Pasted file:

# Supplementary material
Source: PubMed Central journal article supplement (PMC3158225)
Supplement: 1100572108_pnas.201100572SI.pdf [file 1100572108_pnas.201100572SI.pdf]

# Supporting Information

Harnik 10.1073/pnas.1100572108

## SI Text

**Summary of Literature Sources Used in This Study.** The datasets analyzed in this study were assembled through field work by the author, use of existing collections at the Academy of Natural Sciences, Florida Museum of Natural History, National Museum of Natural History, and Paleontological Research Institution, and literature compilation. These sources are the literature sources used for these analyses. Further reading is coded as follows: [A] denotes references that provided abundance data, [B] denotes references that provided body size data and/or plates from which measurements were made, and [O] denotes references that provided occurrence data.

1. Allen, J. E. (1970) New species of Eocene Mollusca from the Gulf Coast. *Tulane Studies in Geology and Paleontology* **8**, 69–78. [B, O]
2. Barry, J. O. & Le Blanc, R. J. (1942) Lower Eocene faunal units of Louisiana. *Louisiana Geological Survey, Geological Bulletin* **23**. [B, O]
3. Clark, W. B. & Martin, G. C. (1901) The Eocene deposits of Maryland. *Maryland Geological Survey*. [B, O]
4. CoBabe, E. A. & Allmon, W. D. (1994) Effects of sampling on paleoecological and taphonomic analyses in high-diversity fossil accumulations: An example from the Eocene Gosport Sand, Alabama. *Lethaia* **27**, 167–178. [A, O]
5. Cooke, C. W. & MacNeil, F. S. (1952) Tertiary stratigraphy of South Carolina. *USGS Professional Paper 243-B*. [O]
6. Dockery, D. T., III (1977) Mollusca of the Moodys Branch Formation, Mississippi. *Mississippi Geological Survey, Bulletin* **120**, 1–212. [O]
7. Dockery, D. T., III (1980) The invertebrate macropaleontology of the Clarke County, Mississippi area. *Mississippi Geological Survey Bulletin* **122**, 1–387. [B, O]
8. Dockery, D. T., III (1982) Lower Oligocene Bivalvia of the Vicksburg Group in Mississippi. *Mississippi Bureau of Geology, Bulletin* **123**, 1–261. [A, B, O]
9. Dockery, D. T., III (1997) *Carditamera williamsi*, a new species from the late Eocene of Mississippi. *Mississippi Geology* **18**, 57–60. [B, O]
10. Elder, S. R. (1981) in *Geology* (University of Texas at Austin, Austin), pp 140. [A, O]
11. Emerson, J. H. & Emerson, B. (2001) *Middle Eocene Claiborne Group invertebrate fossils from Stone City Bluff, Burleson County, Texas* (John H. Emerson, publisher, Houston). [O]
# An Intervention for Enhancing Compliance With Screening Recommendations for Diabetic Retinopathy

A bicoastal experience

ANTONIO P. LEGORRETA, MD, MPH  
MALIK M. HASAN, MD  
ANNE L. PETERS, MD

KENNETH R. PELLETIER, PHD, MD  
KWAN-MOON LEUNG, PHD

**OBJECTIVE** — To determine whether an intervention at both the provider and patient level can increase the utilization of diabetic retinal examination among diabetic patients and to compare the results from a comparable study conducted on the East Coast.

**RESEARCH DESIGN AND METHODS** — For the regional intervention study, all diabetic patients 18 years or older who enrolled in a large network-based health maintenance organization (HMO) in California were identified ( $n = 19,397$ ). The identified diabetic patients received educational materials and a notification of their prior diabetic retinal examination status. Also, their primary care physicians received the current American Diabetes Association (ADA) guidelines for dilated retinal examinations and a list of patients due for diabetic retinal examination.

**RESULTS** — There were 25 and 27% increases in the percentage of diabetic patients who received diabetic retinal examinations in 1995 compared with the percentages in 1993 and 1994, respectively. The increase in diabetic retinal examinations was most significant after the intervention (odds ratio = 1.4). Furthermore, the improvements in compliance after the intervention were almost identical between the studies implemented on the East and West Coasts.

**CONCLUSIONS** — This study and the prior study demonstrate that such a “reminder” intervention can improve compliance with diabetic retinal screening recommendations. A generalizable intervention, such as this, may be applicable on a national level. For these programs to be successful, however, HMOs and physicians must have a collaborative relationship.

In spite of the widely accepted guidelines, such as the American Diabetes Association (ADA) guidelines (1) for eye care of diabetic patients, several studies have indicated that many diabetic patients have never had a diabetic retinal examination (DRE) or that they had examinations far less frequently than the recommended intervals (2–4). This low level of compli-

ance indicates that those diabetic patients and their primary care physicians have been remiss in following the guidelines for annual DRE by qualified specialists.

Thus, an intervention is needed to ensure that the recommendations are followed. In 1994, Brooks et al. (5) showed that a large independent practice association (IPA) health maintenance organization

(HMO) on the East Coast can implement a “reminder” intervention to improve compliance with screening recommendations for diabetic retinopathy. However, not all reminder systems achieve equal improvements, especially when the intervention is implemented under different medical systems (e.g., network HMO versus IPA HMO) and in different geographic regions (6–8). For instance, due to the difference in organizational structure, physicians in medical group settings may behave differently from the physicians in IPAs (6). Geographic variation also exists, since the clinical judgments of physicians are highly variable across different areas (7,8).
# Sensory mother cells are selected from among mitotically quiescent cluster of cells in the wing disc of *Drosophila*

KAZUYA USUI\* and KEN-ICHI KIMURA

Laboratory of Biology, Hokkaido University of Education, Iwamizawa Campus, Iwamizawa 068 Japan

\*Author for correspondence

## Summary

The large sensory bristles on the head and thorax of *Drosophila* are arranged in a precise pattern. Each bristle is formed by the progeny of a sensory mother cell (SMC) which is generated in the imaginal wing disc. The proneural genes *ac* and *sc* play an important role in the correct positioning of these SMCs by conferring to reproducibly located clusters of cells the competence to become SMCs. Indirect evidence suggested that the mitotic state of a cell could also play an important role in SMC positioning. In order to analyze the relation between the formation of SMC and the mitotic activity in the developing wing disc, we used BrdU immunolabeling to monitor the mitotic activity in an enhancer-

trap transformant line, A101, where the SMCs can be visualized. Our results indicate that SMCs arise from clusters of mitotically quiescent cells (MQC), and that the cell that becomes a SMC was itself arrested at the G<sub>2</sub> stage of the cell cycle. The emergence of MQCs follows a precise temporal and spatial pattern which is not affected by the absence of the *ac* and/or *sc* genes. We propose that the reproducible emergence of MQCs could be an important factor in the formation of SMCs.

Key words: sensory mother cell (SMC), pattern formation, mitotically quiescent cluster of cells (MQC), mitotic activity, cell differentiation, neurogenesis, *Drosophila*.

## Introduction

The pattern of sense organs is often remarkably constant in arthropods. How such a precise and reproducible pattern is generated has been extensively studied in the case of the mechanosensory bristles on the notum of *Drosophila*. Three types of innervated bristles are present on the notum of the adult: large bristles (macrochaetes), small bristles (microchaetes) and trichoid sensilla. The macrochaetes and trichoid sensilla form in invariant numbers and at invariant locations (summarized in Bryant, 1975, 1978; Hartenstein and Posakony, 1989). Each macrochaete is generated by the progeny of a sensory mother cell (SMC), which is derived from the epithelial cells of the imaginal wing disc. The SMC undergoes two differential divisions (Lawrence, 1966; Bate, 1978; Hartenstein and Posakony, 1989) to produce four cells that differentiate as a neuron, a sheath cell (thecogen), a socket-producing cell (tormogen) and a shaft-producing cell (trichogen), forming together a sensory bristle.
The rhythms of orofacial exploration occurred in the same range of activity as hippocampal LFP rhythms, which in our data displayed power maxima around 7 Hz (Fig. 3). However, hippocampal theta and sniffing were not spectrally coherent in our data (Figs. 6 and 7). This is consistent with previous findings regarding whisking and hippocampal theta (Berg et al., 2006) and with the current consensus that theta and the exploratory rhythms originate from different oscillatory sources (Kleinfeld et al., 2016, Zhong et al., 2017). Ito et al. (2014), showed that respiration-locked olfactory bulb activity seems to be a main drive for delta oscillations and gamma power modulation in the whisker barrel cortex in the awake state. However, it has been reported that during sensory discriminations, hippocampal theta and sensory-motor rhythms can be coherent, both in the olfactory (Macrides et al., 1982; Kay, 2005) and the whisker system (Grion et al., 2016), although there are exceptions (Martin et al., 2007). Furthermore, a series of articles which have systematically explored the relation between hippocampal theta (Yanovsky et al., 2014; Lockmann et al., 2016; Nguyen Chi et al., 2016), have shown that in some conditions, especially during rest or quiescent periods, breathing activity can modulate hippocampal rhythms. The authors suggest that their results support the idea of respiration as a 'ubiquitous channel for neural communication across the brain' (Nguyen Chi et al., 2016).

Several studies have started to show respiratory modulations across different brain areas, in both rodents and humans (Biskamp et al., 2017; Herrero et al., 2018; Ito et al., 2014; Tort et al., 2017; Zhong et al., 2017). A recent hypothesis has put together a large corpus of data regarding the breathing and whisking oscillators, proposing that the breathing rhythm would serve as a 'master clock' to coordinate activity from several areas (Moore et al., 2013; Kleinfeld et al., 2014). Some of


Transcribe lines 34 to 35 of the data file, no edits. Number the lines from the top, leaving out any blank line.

# Sensory mother cells are selected from among mitotically quiescent cluster of cells in the wing disc of *Drosophila*

KAZUYA USUI\* and KEN-ICHI KIMURA